Whenever I explain to someone that I’m hypoglycemic (usually apologetically while I pull out food to eat in the front of them) and what that means (eating every three hours), the number one question I get is, “Do you have to get up in the middle of the night too?”
The answer is, sometimes. It used to be 50% of the time, but I’ve gotten it down to about 20% of the time. Yes, it’s not fun.
What causes it
Usually, it means I ate poorly or decided lots of alcohol sounded like a good plan (you’d think I’d learn by now, but sometimes I’m FANTASTIC at forgetting). Those two factors, or really bad, the combination of both, mean I’m going to have a low blood sugar attack. But, sometimes it just happens.
How do I know when I need to get up?
My body wakes me up. It’s not a hungry feeling I get; it’s a feeling of panic. I feel scared, disoriented, and jumpy. Again, it’s not fun.
What do I eat when I get up?
My first choice is one cup of milk. Milk has the perfect combination of carbohydrates (about 12 g) and protein (7 g) needed for a snack. And, 1% milk is about 100 calories, so it’s not going to break you calorie-wise.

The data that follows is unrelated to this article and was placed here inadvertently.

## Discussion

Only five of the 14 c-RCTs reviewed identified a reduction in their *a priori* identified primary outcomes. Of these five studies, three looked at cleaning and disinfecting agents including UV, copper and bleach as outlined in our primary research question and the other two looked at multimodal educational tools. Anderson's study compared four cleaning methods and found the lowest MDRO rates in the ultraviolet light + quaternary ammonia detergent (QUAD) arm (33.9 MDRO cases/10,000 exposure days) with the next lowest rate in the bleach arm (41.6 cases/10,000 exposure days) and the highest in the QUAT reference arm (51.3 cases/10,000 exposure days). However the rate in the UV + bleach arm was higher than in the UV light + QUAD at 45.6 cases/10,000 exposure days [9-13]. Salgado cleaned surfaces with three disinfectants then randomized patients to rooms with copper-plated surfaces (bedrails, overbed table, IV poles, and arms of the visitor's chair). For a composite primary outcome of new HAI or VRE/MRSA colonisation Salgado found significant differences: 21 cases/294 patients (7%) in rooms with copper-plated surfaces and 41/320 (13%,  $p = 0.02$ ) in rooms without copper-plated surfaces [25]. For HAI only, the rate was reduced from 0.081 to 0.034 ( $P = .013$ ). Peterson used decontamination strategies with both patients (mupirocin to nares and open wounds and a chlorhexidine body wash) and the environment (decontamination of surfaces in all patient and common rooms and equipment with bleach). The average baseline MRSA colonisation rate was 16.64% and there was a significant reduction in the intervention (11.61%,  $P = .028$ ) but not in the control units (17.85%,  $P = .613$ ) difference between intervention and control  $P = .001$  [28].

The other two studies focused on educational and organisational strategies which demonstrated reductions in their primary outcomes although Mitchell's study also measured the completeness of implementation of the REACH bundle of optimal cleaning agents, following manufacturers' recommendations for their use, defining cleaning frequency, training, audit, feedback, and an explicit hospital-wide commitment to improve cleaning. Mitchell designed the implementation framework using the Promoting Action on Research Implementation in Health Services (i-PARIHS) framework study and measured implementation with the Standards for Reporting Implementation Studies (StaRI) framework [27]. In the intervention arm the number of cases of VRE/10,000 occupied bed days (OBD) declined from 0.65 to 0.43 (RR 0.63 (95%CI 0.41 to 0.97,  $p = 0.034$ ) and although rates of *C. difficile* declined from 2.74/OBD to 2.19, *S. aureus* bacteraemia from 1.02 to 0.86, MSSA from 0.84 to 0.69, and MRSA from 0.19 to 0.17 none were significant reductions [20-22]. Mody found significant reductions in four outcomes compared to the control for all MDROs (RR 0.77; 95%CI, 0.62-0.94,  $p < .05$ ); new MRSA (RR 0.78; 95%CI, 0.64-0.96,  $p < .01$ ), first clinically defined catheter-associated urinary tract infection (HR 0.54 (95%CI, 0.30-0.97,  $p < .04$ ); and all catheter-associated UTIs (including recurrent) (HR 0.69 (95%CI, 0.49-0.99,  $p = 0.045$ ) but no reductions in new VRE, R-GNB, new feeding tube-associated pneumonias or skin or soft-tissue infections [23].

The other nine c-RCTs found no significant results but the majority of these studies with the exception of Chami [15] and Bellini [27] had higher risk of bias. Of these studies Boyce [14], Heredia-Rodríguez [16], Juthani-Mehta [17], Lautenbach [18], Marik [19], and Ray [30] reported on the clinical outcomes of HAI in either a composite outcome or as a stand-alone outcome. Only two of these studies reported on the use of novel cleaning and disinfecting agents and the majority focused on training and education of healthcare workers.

In the rare cases where I’m also hungry and a glass of milk isn’t enough, I usually grab a protein bar.
Taking care of your teeth when you get up in the middle of the night
In the movie Panic Room, Sarah Altman, who is diabetic, has a refrigerator as her bedside table. I don’t recommend this because it encourages you to eat and go right back to bed. You MUST take care of your teeth, so while you are up eating, brush your teeth. Unless, of course, you like a lot of cavities.
Obviously, I’m pretty tired the next day, but I’ve also noticed that, for some reason, if I have an attack in the middle of the night, I’m FAMISHED the next day and can’t seem to get full no matter what I eat. Seriously, it’s like I traded appetites with a teenage boy.